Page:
“One thing that has been really amazing about reporting on this industry is that I actually am really inspired by it and get really motivated by it and I’m just so motivated by all the amazing women that are balancing running with jobs and also families. I think every single woman that’s qualifying for the Olympic Marathon Trials right now, and all the women behind them too—sometimes it just comes down to talent, it’s not about work, and I totally respect that—what the women are doing right now specifically is amazing and I think I’ve kind of been like, ‘If they can do this, I can too.’ It’s very tiring and I can always stop. I think that’s important to remember and that’s what I tell myself when I start to get really tired, ‘I don’t have to do this, remember why I’m doing it, it’s because I want to.’ And I think that’s enough to keep me going.”
I had a great conversation with Lindsay Crouse, who is a producer, editor, and writer at The New York Times—and a pretty damn fast marathoner in her own right—for this week’s episode of the podcast. If you’ve been paying any attention to running news the past couple years, or just big headlines in general, you are definitely familiar with Lindsay’s work. Some of her most popular pieces include The Shalane Effect, which she wrote about Shalane Flanagan and the elevating effect she’s had on other women; she broke the piece about how Nike does not guarantee female athletes a salary during their pregnancies or immediately after giving birth; she produced the piece in which Allyson Felix told her story around Nike and pregnancy; and, most recently, she was responsible for the Mary Cain op-ed speaking out about the abuse she suffered under her former coach, Alberto Salazar.
We recorded this episode a couple weeks ago before the New York City Marathon, so the Mary Cain piece hadn’t dropped yet, but we got into plenty of other good stuff, including Lindsay’s own trajectory as both a writer and runner, the biggest takeaways from her reporting that she has applied to her own training, how her experience as a competitive athlete informs her perspective as a journalist, and a lot more.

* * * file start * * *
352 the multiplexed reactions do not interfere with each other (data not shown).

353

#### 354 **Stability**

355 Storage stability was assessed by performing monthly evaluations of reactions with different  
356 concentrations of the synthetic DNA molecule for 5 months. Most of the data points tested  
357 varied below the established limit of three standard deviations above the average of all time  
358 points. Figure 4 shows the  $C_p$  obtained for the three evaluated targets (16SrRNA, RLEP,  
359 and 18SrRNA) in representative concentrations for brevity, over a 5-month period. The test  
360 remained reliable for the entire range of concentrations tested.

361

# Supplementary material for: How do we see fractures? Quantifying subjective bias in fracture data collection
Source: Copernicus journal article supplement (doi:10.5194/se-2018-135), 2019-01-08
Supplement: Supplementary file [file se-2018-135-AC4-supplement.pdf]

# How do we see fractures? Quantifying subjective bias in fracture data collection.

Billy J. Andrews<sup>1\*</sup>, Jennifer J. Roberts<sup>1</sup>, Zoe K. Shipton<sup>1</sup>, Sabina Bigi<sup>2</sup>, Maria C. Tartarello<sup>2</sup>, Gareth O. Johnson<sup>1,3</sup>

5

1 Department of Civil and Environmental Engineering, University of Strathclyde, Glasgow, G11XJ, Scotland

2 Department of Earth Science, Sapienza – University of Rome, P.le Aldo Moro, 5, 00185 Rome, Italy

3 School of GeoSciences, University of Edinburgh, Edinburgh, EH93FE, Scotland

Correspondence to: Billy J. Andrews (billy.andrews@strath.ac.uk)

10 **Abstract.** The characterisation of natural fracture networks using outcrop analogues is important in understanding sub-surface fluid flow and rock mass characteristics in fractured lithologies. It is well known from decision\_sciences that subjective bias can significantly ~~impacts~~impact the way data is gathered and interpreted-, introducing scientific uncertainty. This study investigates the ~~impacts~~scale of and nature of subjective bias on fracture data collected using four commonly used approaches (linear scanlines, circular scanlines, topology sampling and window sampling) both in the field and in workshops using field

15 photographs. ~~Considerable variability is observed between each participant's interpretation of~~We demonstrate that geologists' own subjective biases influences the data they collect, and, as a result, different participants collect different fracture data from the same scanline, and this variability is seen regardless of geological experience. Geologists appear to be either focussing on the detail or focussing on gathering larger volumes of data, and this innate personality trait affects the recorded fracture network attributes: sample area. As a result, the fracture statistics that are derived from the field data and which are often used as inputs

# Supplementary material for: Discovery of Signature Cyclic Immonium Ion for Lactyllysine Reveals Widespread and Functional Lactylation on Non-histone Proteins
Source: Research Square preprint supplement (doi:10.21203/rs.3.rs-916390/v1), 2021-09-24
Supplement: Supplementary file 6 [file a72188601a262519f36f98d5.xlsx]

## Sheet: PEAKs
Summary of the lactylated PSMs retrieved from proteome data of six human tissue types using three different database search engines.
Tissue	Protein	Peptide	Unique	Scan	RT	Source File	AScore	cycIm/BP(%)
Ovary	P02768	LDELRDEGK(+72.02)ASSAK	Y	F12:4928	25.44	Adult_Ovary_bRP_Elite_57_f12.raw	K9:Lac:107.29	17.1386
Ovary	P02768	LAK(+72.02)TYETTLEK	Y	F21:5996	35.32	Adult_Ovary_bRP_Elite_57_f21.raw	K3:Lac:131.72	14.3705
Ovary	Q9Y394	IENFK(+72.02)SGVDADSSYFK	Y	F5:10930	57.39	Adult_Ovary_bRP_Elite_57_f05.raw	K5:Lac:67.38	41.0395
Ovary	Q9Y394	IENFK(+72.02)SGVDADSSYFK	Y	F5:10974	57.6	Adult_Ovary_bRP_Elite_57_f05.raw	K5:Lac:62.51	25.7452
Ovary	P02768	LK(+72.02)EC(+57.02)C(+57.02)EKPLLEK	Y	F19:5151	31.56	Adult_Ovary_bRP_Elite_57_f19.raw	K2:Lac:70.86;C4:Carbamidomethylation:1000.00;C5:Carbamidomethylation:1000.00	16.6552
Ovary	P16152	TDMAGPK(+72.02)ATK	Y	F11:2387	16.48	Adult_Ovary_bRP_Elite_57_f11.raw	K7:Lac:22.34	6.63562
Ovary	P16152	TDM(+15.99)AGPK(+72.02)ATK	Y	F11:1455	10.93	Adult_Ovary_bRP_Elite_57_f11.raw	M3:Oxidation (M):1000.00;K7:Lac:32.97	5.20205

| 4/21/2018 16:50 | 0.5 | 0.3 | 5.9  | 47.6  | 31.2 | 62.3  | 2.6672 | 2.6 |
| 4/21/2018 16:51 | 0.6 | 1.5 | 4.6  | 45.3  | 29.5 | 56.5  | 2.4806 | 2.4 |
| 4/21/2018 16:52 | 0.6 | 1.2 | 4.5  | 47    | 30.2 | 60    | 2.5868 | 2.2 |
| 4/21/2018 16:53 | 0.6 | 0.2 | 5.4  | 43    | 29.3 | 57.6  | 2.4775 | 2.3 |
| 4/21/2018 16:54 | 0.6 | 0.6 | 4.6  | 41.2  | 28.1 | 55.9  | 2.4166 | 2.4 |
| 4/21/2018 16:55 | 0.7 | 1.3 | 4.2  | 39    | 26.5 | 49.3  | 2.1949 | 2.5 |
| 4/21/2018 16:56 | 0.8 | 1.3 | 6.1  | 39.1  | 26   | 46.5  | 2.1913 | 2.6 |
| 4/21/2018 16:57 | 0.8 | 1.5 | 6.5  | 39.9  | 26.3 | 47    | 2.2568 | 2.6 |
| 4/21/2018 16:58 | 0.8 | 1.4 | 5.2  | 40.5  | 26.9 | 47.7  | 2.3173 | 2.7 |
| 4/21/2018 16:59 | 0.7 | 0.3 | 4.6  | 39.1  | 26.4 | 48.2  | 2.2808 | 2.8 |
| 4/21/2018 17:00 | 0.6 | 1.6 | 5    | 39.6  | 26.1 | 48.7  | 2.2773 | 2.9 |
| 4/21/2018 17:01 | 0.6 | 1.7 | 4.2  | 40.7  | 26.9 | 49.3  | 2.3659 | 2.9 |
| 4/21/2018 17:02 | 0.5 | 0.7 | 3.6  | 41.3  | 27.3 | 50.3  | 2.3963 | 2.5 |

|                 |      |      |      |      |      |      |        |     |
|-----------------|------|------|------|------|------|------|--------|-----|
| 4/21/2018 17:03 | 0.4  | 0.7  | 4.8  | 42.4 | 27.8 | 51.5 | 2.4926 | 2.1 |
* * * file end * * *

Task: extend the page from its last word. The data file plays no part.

Related links, references, and resources:
— Check out all her work on The New York Times website.
— The Shalane Effect: “We usually see competitive women, particularly athletically excellent women, only in one of two ways: either competing to defeat one another, or all about team over self,” Crouse writes. “But that’s a flawed, limiting paradigm. The Shalane Effect dismantles it: She is extraordinarily competitive, but not petty; team-oriented, but not deferential. Elevating other women is actually an act of self-interest: It’s not so lonely at the top if you bring others along.”
— I Was The Fastest Girl in America, Until I Joined Nike: “It’s easier to focus on bright new stars, while forgetting about those who faded away,” Crouse writes. “We fetishize the rising athletes, but we don’t protect them. And if they fail to pull off what we expect them to, we abandon them. Mary Cain is 23, and her story certainly isn’t over. By speaking out, she’s making sure of that.”
— Why Men Quit and Women Don’t: “I’m often tempted to drop out of races, but I never actually have,” Crouse writes. “Pushing through affords plenty of time to question the wisdom of prolonging what is sometimes extreme pain. I’m always relieved when I finish — but I never really consider why I bother. This marathon made me wonder if gender might play a role.”
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Music and editing for this episode of the morning shakeout podcast by John Summerford at BaresRecords.com
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